Early game is analysis time. We’re running more than a few tutors, so a hand with one or two isn’t unlikely. Keep these hands. Putting a Master of Cruelties into your graveyard early means we can start removing players as early as turn 4. In addition, opening hands with a generic free sacrifice outlet (like Viscera Seer) or a specific one (like Avalanche Riders) are best. The whole deck sputters out without at least something in your graveyard to reanimate with Alesha.

Also use this time to determine what strategy you’re going to focus on. That spellslinger player probably won’t have any blockers anytime soon, so maybe we go for a quick Master of Cruelties kill on them first. Or maybe that stax player is starting to bog down the combat step with Propaganda and Ghostly Prison? Start digging for Zulaport Cutthroat and Karmic Guide and Reveillark to combo out.

We’re vulnerable to graveyard hate and removal here at Alesha, Inc., so on the off chance we’re locked out of our graveyard combos, we can always switch gears and just start beating face. There’s an impressive amount of damage this deck can put out with a couple Glory of Warfares and Glorious Anthems on the field.

Combos and Interactions

There are a few nasty interactions and combos in this deck that we’ve touched on, but should cover in detail here.

Master of Cruelties Alesha, Who Smiles at Death

First, the way Master of Cruelties interacts with Alesha, Who Smiles at Death is both broken and hilariously funny. Master of Cruelties must attack alone, unless you skip the declare attackers step and just put it directly into play tapped and attacking with Alesha’s ability. If the player they’re attacking doesn’t/can’t block those two, two things happen. First, Master of Cruelties’s ability will trigger, setting that opponent’s life total to 1. Then, Alesha will deal 3 combat damage to that player, ending their whole career.

The second is a classic combo that folks have been playing since the Dark Ages of Commander, back when our only Mardu option was Oros, the Avenger. Karmic Guide and Reveillark can basically reanimate each other infinitely, so long as you have a free sacrifice outlet hidden somewhere amongst them.

Here’s how it works: We have Goblin Bombardment on the field and Karmic Guide in our graveyard. We cast Reveillark, then sacrifice it to Bombardment (or whatever sac outlet you have). Reveillark returns Karmic Guide and another small creature of your choice to the battlefield. Karmic Guide targets Revaillark on ETB, but before resolving that trigger, you sacrifice Karmic Guide to Bombardment to deal damage. Resolve the Karmic Guide trigger, returning Reveillark to play, then sac Reveillark to Bombardment to repeat the process until all foes are destroyed.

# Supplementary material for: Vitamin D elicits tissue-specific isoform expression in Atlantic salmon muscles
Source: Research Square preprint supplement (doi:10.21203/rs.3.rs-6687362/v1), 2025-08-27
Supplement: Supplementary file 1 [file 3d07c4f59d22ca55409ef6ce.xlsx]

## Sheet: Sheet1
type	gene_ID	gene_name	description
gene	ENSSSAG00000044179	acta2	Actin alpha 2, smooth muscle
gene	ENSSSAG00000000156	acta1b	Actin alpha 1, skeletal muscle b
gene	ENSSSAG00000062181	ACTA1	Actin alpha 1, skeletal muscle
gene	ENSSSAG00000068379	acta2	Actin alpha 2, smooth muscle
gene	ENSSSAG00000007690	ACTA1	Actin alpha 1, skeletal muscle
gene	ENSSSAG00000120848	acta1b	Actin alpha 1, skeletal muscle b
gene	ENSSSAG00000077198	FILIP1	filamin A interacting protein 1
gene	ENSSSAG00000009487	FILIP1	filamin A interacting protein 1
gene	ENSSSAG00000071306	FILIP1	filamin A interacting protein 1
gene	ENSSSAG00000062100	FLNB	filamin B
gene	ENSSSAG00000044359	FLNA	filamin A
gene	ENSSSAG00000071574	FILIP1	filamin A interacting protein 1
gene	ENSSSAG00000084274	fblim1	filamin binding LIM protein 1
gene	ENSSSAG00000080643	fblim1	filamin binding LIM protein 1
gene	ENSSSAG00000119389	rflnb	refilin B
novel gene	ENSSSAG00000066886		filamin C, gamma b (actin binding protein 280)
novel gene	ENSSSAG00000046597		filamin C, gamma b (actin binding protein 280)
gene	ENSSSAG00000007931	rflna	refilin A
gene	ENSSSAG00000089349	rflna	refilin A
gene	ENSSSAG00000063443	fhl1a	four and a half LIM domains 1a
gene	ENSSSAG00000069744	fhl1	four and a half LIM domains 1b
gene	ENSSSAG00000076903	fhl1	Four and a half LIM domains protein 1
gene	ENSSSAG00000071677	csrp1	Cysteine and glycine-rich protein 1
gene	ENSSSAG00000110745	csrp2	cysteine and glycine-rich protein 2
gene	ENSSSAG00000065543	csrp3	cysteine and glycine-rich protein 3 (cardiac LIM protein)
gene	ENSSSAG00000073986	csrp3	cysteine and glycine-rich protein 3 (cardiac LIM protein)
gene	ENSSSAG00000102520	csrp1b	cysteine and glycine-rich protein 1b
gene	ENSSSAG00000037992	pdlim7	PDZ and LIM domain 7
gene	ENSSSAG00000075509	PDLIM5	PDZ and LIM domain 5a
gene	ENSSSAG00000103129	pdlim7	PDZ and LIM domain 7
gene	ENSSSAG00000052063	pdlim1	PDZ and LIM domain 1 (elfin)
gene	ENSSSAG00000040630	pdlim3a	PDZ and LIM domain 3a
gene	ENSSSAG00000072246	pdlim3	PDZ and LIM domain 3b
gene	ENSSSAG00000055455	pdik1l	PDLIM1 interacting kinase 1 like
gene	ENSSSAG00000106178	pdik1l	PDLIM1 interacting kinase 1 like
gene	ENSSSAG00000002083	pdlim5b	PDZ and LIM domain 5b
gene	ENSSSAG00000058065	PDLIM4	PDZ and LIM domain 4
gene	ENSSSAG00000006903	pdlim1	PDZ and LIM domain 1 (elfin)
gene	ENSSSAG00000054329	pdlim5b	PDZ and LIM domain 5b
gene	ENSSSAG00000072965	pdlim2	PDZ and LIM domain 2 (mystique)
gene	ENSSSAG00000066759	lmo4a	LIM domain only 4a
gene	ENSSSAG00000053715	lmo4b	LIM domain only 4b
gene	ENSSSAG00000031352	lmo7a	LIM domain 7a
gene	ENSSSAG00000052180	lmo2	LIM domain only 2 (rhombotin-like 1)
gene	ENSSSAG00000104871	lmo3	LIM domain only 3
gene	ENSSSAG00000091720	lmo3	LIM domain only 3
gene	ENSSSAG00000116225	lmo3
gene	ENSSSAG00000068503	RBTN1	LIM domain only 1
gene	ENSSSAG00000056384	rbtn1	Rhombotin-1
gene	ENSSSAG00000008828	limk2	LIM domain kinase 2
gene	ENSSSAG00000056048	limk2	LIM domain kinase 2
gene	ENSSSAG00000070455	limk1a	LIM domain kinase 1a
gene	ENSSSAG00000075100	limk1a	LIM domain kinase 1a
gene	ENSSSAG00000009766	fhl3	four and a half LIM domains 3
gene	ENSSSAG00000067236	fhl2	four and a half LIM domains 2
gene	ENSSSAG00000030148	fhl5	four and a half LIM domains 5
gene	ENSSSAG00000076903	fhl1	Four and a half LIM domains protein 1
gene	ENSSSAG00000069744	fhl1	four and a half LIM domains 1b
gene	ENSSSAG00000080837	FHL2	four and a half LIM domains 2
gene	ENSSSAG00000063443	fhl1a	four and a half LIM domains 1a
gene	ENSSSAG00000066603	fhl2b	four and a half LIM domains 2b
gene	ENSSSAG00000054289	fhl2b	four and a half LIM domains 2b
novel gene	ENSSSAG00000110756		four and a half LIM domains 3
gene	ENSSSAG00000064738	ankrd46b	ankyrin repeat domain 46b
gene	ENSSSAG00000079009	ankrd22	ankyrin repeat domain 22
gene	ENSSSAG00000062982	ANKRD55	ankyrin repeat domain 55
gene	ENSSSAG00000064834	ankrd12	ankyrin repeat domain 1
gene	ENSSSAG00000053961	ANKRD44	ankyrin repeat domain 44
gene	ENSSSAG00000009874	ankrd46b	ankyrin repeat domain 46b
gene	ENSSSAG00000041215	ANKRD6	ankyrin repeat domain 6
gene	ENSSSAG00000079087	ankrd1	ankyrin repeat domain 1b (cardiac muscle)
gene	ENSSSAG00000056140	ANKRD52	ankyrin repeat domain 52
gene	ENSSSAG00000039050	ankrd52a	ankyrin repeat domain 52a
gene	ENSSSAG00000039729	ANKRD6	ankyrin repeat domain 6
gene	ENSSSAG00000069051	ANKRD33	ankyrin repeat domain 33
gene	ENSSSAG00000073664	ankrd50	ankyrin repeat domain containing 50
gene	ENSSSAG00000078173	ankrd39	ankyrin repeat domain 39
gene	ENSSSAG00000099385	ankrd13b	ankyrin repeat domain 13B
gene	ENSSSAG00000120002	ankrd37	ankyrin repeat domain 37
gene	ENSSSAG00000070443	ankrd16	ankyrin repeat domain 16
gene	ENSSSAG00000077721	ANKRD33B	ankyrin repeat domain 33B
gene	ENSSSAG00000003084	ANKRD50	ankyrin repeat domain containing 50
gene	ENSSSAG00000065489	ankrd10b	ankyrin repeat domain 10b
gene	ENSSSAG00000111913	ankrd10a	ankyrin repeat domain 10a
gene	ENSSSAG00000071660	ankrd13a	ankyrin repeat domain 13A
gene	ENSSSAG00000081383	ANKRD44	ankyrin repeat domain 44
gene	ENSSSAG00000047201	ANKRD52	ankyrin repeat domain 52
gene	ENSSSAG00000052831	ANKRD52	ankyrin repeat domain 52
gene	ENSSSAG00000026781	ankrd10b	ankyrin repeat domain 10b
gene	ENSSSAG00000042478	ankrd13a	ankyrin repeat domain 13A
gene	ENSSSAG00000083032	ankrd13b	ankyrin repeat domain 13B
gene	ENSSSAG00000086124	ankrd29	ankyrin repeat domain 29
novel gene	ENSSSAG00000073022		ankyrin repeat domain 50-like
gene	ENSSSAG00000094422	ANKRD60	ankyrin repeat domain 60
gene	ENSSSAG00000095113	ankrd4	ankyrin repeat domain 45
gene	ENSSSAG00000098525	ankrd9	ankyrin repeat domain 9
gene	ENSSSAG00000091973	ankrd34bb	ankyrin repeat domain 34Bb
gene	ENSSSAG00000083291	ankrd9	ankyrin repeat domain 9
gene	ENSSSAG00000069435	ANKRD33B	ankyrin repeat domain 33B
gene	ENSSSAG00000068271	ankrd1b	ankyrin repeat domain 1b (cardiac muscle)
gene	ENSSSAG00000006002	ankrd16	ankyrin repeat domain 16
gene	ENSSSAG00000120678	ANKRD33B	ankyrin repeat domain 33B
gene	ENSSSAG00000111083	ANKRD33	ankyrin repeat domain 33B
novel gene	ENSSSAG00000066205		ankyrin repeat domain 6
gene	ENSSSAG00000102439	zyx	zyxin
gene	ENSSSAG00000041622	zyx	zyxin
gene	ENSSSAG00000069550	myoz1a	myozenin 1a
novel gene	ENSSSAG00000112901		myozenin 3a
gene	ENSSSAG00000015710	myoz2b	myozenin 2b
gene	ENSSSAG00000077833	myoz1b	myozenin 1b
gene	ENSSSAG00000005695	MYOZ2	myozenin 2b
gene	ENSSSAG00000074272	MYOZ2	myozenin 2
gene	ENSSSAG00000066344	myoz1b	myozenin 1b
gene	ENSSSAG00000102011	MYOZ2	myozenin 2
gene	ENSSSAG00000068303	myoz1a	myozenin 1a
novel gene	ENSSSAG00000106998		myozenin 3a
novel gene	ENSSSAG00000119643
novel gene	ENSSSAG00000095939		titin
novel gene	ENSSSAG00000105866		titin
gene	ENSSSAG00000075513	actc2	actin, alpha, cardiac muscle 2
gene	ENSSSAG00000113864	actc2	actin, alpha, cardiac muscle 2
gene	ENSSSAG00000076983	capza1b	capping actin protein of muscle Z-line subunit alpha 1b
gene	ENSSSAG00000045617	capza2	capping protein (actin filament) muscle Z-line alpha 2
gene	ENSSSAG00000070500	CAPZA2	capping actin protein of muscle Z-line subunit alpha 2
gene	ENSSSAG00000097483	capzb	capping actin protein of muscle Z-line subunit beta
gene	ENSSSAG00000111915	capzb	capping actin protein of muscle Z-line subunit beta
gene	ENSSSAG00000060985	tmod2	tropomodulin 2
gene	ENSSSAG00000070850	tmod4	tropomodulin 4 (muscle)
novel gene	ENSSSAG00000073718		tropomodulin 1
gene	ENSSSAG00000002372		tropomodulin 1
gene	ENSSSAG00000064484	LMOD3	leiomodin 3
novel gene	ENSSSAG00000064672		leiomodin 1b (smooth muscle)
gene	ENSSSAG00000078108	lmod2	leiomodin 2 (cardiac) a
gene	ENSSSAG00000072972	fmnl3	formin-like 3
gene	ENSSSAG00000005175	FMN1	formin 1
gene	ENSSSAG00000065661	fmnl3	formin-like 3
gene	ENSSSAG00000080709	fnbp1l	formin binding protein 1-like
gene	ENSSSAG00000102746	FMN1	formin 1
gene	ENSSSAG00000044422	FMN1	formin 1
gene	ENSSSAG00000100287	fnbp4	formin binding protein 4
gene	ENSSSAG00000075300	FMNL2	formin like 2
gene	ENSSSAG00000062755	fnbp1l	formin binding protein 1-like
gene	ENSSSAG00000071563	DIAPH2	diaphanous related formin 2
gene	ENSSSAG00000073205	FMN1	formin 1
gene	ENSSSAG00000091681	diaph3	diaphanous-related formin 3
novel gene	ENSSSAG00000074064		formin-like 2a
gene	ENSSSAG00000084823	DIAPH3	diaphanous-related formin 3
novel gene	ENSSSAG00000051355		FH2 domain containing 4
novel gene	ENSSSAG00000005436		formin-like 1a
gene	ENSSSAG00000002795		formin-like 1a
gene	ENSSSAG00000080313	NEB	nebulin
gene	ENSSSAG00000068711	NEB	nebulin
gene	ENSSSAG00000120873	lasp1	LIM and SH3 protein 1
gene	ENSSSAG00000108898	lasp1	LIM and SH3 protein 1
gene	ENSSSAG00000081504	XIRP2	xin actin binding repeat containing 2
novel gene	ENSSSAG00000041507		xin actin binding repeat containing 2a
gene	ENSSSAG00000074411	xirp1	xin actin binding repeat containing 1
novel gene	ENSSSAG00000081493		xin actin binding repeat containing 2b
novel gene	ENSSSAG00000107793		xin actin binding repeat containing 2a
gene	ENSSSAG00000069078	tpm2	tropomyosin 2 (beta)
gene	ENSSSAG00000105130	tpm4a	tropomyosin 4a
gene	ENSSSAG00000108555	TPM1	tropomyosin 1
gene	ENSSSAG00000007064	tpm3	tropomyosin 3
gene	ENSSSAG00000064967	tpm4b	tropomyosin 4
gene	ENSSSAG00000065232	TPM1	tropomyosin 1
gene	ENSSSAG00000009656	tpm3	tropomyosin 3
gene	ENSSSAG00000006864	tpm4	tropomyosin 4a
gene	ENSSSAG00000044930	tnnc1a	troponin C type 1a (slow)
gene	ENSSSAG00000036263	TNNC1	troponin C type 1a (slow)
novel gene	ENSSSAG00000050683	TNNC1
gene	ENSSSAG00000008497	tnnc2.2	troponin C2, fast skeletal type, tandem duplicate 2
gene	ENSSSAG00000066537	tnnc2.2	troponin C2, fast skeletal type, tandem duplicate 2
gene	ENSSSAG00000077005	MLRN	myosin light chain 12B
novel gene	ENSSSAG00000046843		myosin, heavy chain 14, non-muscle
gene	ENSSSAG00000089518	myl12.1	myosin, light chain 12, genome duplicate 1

Rule 0 Violation Check

Ok, so the Karmic Guide combo is a little punishing to play against, but it's also been around for so long and is so fragile to the smallest bit of graveyard hate, I don’t anticipate many people having issues with it.

Budget Options

For the cheapest printings, this deck will run you a total of about $190. Not too bad, considering. If that seems a little steep for you, there are some easy cuts to cheapen up this deck.

Delney, Streetwise Lookout is currently sitting around $20. This might not hold, given it’s still pre-release at time of writing, but I think we can safely assume this one will stay pricey. Replacing Delney with another cheap 2-power creature is as easy as slapping a Kathari Bomber into the deck.

In addition, both Bloodstained Mire and Blood Crypt are accounting for half of the money spent on lands in this deck – you can easily cut them for a Rakdos Guildgate and Akoum Refuge.

Other Builds

This Alesha deck splits the difference between aristocrats, combo, and good ol’ combat damage. However, Alesha, Who Smiles at Death can be used for a variety of other builds.

One interesting one I’ve found is an Alesha Slivers deck. Traditionally the realm of 5-color decks, shoving Slivers into a Mardu identity puts just enough restriction on the creature type to breed innovation. Most of the 60 Slivers in Mardu colors already have power 2 or less. With a little focus on discarding and milling them into your graveyard, Alesha can churn a lot of Slivers out of your graveyard for cheap.

Wrap Up

Master of Cruelties - Illustration by Chase Stone

Master of Cruelties | Illustration by Chase Stone

Alesha, Who Smiles at Death is one the oldest Commander decks in my collection. I built my Alesha deck when Fate Reforged dropped, and I’ve been playing it and modifying it ever since. Alesha forces you to look at the simple beauty of a 2-drop with an enters-the-battlefield effect and find a way to extract the smallest amounts of advantage to win.

Are there any odd 2-power creatures I’ve forgotten about? Has anyone tried any other creature-type based builds with Alesha? Let me know in the comments, or over on Draftsim’s Twitter/X.

Thanks for reading, and keep turning ‘em sideways!